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With: Naseeruddin Shah, Vasundhara Das, Parvin Dabas, Vijay Raaz, Shefali Shetty, Tilotama Shome, Roshan Seth
Written by: Sabrina Dhawan
Directed by: Mira Nair
MPAA Rating: R for language, including some sex related dialogue
Language: English, Hindi and Punjabi with English subtitles
Running Time: 115
Date: 08/30/2001
IMDB

Monsoon Wedding (2002)

3 Stars (out of 4)

Piece of Cake

By Jeffrey M. Anderson

The new Indian film Monsoon Wedding is so purely enjoyable that you might not even notice it's a fairly straightforward remake of Hollywood comedies like Father of the Bride.

Indian director Mira Nair (Kama Sutra, Mississippi Masala and Salaam Bombay!) says she intended her new film to be a kind of Bollywood movie, but one made on her own terms. For the uninitiated, India's "Bollywood" is considered the world's largest movie industry, and generally cranks out innocuous romances following strict formulas with lots of colorful backdrops, costume changes and musical numbers.

Monsoon Wedding eliminates the musical numbers (it does have a couple of vibrant dance scenes) and embraces a more modern Hollywood romantic comedy formula. And the mix works, though you have to wonder if the movie dilutes the feel of vintage Indian cinema for the sake of American box office.

The lovely, curvy and pouty Aditi (Vasundhara Das) has agreed to an arranged marriage after realizing that her affair with her married boss has reached an end. Her new fiancée Hemant (Parvin Dabas) is American-educated but holds on to his Indian roots. He sincerely wants to make a go of his new marriage, and it's not hard to believe that he will. But with the wedding just days away, Aditi's boss tries to come back into the picture, hijacking her on a rainy night for cheap sex in the back of his truck.

Meanwhile, with tons of family and family friends rushing around preparing for the wedding, other dramas erupt. The wedding planner, named P.K. Dubey (Vijay Raaz) falls for Aditi's lovely, shy maid, Alice (Tilotama Shome). Their tentative little courtship charms us even more than the main characters' story does, thanks to the couple's considerable screen presence. Raaz is lanky and bony but with huge, expressive eyes, teeth, lips and hands, and Shome takes "delicate" to new levels.

Other little romances spring up, but the most disturbing one concerns an older relative who has a penchant for young girls. Adita's cousin Ria (Shefali Shetty) was abused by the rotten fellow as a child -- and now she's the only one who notices the horror happening all over again with an even younger child.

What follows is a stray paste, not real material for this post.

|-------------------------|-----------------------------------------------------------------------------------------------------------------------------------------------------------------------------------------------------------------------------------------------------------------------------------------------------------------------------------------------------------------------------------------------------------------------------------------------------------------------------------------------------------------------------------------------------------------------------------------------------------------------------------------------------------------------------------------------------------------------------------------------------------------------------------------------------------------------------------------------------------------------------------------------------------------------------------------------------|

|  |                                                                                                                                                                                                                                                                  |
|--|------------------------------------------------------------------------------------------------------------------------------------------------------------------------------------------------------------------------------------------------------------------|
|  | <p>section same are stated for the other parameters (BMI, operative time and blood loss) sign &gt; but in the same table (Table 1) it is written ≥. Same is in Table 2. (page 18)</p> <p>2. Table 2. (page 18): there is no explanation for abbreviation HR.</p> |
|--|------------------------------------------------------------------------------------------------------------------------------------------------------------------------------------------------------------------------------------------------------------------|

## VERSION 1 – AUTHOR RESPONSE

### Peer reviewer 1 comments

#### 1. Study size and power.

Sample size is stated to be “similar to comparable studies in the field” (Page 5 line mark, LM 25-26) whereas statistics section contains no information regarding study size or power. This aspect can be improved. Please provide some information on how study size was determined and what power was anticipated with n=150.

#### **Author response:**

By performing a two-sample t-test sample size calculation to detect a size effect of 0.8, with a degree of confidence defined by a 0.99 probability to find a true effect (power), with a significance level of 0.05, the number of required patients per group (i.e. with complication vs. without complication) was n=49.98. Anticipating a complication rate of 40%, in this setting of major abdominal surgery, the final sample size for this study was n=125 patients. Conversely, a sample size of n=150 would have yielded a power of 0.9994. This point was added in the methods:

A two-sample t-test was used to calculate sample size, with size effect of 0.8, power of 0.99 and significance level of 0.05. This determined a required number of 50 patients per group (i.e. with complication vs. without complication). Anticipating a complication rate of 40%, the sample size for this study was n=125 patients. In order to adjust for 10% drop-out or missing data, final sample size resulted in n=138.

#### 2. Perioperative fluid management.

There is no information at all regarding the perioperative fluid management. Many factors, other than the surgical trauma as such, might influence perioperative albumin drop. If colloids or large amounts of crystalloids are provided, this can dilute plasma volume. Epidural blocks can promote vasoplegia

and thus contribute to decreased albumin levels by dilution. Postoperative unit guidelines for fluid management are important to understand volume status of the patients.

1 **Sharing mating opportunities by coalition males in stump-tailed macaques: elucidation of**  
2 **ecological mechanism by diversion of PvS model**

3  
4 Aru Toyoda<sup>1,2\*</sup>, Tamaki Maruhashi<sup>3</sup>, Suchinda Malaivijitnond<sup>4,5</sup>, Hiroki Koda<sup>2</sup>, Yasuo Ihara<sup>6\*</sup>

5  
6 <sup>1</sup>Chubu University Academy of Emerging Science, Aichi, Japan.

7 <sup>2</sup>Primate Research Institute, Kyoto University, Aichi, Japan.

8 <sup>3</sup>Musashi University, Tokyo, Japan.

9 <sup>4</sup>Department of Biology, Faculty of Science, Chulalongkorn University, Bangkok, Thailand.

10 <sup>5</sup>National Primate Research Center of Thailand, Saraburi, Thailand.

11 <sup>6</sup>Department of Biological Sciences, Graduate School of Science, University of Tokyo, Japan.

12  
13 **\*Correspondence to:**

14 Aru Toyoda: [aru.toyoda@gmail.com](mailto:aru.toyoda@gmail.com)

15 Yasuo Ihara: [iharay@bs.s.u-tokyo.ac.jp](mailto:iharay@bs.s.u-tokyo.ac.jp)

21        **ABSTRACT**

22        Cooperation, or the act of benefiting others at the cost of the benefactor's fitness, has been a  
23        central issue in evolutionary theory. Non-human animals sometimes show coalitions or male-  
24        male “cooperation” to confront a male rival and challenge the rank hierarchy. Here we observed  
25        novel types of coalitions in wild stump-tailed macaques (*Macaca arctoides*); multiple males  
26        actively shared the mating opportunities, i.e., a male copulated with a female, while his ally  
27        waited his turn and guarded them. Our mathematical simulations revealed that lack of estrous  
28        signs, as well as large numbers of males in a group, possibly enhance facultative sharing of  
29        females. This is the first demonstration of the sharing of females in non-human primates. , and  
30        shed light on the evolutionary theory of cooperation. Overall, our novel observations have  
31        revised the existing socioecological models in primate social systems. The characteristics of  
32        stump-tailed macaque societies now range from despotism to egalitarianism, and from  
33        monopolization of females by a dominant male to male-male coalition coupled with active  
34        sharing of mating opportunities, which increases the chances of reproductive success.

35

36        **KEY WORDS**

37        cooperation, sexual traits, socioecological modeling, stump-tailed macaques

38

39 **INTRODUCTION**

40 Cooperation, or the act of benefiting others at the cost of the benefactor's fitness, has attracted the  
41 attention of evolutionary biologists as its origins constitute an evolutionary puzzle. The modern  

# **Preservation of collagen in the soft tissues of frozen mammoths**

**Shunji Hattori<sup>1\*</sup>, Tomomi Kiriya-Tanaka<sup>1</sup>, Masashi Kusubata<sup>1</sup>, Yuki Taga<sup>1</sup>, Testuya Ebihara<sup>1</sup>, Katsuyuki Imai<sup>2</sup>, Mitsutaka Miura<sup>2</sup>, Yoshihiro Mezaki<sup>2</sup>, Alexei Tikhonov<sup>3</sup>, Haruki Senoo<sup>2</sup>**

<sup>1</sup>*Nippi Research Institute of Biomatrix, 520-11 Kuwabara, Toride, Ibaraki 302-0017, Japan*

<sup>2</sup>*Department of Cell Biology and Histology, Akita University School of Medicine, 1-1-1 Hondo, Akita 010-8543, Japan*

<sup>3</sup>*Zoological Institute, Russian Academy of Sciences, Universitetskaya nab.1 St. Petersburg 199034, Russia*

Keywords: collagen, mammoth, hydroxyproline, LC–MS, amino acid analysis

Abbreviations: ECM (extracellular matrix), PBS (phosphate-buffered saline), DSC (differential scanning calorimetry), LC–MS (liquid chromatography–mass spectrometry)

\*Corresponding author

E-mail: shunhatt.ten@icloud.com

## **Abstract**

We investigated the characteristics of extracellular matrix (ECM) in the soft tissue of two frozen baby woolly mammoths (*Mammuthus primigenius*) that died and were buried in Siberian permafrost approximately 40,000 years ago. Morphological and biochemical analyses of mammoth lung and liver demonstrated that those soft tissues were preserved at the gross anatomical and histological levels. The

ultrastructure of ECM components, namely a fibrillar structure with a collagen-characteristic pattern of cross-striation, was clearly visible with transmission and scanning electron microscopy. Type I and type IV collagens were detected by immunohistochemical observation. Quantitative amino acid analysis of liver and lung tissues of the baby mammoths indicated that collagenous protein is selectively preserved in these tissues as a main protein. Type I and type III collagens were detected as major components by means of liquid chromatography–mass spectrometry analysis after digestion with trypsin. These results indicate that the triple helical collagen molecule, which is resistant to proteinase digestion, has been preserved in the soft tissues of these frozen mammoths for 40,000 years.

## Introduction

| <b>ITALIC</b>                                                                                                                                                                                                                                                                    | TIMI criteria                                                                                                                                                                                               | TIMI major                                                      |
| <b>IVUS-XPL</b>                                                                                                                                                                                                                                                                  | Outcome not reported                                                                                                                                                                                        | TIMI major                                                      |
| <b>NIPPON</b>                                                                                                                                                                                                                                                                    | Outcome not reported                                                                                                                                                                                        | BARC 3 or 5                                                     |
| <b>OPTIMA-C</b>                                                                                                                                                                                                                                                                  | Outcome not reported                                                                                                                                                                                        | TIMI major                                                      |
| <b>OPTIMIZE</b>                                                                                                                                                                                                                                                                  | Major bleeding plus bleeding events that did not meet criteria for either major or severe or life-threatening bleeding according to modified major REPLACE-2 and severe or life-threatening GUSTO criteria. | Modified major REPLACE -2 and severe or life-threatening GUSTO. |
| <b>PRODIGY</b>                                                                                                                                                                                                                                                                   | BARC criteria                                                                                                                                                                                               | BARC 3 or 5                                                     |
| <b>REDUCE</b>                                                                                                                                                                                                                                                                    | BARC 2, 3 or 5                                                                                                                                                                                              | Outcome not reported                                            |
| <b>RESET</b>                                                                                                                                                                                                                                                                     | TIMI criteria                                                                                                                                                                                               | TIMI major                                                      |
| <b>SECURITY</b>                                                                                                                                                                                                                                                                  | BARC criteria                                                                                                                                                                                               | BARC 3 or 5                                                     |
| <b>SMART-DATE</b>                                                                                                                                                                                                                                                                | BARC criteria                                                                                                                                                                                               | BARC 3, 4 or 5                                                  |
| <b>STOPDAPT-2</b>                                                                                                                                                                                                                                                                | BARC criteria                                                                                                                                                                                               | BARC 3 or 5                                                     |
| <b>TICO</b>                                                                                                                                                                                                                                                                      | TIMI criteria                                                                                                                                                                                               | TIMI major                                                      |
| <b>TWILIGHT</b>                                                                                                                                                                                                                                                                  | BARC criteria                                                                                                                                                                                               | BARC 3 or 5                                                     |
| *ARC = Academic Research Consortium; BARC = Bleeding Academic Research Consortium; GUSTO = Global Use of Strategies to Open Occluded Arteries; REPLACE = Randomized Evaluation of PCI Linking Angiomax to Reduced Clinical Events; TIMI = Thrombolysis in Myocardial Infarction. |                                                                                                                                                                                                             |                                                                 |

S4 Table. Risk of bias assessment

That's where the movie crosses the line, as far as I'm concerned. The picture as a whole feels so breezy, colorful and closely-knit (it's photographed by Aidan's brother Declan Quinn) that lurching all the way over to one side to tackle some sick psychosis seems like an add-on designed to attract socially conscious critics and add some weight to an otherwise "light" movie. Indeed, the time spent on this subplot could have gone to resolving other storylines -- such as the gay son who hasn't come out of the closet yet -- or ideas, such as the juxtaposition of the traditional wedding rituals with the modern-day ideals.

Not to mention that Nair casts the great Roshan Seth (Gandhi, Such a Long Journey) in a nearly inconsequential role. Seth may be one of the world's great actors, and he's thrown away here with about five minutes of screen time.

Still, it's easy to chalk up the movie's messiness to the wedding itself. After all, no one can be in all places at all times to witness every little drama unfolding. We're lucky to get glimpses of the ones that are here. And despite that one sour bite near the movie's center, Monsoon Wedding comes off as joyously sweet.

DVD Details: The new 2009 Criterion Collection DVD -- with much brighter, bolder colors -- comes with a commentary track by director Nair (recorded in 2002). Extras include a short documentary by Nair about "laughing clubs," interviews and a trailer. The second disc comes with six more short films, two more documentaries and four fiction films, including Nair's segment from 11'09''01 - September 11.

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